Chuck Wagon

chuck wagon
Chuck Wagon

    The chuck wagon of old was more that just a restaurant on wheels, it was the center of a cowboy’s life. It provided not only food but also a place to socialize, swap stories, tell lies and get patched up after your bronc thew you. The chuck wagon made possible the shortest yet most iconic-graphic period of history in the world. If there had been no chuck wagon it would have been impossible to have a cattle drive and without cattle drives no cowboys; at least not as we know them. Can you imagine life without the cowboy? No playing cowboys and Indians, no bronc busters, no rodeo’s. Our culture would be very different than we know it today. No one even knows how much the cowboy has influenced.  Unlike any other figure in history cowboys have been praised and idolized both during and since their own time. They have known no boundary; not of time nor of place. There is no nationality in the world that would not immediately recognize a cowboy if he walked by.  And all of this was made possible by a simple wagon.
Many people give Charley Goodnight credit for inventing the chuck wagon however there is little proof to substantiate this. Long before Goodnight, wagon trains often had a certain wagon within the train that was responsible for doing the cooking. Since food was commonly referred to as “chuck” this wagon was called the “chuck wagon”. The first chuck wagons were simply wagons that hauled food from place to place. In general they have remained the same with only one major change; the chuck box on the back of the wagon.  Who ever the inventor of this was I bet his cook cooked him up some pretty special grub as a reward. However being a cook myself I kind of figure that necessity is the mother of invention and the cook just got tired of climbing in the wagon and digging through it every time he wanted something; so he built a kitchen pantry on the back of the wagon.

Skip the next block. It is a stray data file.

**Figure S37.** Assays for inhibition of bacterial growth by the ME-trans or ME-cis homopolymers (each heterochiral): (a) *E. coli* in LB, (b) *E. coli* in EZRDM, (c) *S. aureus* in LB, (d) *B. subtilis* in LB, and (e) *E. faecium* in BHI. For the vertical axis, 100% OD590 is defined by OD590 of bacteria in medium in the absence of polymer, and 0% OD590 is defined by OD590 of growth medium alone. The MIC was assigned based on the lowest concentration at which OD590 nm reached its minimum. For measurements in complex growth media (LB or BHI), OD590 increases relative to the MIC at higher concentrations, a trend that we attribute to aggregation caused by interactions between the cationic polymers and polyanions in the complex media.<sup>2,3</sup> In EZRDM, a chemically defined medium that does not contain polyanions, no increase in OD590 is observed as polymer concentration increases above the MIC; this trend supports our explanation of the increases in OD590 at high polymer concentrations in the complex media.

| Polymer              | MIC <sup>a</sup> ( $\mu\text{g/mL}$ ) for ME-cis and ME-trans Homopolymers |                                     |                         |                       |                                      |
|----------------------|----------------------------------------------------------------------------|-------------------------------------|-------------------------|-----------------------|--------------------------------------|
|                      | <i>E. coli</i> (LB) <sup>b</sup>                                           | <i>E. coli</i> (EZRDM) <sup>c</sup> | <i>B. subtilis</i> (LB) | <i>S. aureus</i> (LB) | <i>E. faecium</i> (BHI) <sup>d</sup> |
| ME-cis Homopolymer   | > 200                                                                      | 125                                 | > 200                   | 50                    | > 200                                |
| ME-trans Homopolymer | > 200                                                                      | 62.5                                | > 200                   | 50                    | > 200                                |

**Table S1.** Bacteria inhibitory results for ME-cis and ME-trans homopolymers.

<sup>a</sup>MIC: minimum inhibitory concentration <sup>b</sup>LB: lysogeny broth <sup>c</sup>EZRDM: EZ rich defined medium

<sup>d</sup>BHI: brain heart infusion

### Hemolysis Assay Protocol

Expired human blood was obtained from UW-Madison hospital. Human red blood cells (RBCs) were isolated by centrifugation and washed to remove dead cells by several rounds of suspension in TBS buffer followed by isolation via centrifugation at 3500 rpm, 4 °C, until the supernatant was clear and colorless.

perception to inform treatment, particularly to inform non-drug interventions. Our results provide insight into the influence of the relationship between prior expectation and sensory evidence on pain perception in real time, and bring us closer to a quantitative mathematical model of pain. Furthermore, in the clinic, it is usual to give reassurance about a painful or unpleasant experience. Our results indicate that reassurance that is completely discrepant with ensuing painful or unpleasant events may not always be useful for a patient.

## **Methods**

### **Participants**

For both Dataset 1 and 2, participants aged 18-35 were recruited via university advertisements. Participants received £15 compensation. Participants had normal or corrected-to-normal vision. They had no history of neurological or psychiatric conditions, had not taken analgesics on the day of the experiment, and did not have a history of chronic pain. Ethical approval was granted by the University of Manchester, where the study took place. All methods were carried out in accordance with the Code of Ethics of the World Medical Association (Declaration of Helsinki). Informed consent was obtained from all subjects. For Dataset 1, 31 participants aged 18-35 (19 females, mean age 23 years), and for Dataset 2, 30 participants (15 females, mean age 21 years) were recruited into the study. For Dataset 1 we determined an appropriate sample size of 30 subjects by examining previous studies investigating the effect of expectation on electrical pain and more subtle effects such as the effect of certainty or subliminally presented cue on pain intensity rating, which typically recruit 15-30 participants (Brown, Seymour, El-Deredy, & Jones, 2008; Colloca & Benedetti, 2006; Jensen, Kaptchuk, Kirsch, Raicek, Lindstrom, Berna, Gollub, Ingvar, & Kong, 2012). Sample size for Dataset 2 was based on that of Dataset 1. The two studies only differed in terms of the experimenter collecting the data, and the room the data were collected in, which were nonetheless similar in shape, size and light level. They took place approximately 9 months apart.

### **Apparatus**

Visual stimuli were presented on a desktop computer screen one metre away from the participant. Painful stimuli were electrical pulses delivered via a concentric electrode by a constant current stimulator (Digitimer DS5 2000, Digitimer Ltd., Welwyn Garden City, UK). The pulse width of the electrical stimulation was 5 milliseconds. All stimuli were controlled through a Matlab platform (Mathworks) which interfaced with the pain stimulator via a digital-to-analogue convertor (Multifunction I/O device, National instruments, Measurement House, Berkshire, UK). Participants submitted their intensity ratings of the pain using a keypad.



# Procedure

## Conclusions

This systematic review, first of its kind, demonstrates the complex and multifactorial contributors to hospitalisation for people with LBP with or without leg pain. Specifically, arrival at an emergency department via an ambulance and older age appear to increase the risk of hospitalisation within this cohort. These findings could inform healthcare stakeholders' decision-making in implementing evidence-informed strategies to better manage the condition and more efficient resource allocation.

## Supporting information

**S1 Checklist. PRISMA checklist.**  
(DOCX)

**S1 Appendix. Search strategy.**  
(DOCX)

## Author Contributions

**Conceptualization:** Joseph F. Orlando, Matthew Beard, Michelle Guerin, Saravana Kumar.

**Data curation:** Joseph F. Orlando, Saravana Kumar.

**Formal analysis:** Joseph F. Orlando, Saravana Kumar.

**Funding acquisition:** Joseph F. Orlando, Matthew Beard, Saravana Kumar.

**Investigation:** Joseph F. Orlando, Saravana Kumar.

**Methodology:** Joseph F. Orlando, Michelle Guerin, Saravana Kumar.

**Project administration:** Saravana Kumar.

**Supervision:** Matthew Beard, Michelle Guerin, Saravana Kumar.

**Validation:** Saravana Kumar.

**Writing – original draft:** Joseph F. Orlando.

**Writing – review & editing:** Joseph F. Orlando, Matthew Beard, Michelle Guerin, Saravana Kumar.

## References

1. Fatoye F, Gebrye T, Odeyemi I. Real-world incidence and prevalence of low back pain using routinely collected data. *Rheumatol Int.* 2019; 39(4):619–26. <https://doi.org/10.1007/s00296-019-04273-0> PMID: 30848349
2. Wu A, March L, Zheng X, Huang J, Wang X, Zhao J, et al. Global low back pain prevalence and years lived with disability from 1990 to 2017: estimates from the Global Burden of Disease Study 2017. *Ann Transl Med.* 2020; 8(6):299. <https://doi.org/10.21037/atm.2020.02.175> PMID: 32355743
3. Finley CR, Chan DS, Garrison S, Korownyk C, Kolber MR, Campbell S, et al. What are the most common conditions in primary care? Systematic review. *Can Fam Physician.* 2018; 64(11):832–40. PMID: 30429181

And that is exactly what a “chuck box” is; a kitchen pantry on the back of a wagon. You have shelves for flour, sugar, beans and coffee; slots for jars of peaches, and pickled eggs, drawers for your cooking utensils and a big compartment on the bottom for all the cast iron pots, pans and Dutch Ovens. The door of the cupboard folds down into a counter. This can be seen on our wagon in the first picture of this page; also in the first four photos below which are early 1900’s pictures of actual working chuck wagons.
The food you would encounter at a chuck wagon dinner depended on how long you had been out on the trail.The cook would pack some perishable foods and use those first, like potatoes, turnips, apples and carrots. Then there were packed a lot of things with a longer shelf life such as; pickles, pickled eggs, canned peaches, dried peaches, salt pork, sugar, coffee, flour, baking powder, salt, syrup, beans ect…  Along the way they would butcher a cow every every so often for fresh meat. Since there was no refrigeration, a lot of it would be cut in strips and hung from the ribs of the wagon, to dry underneath the canvas cover. This dry meat could latter be boiled into stews, beans or chili.  A typical dinner would be something like this; steak, potato salad, biscuits, baked beans and peach cobbler. Breakfast might be sourdough flapjacks with syrup and lunch a pot of chili beans with tortillas. All of these would be washed down by the ever present coffee; the only beverage other than water offered on a cattle drive.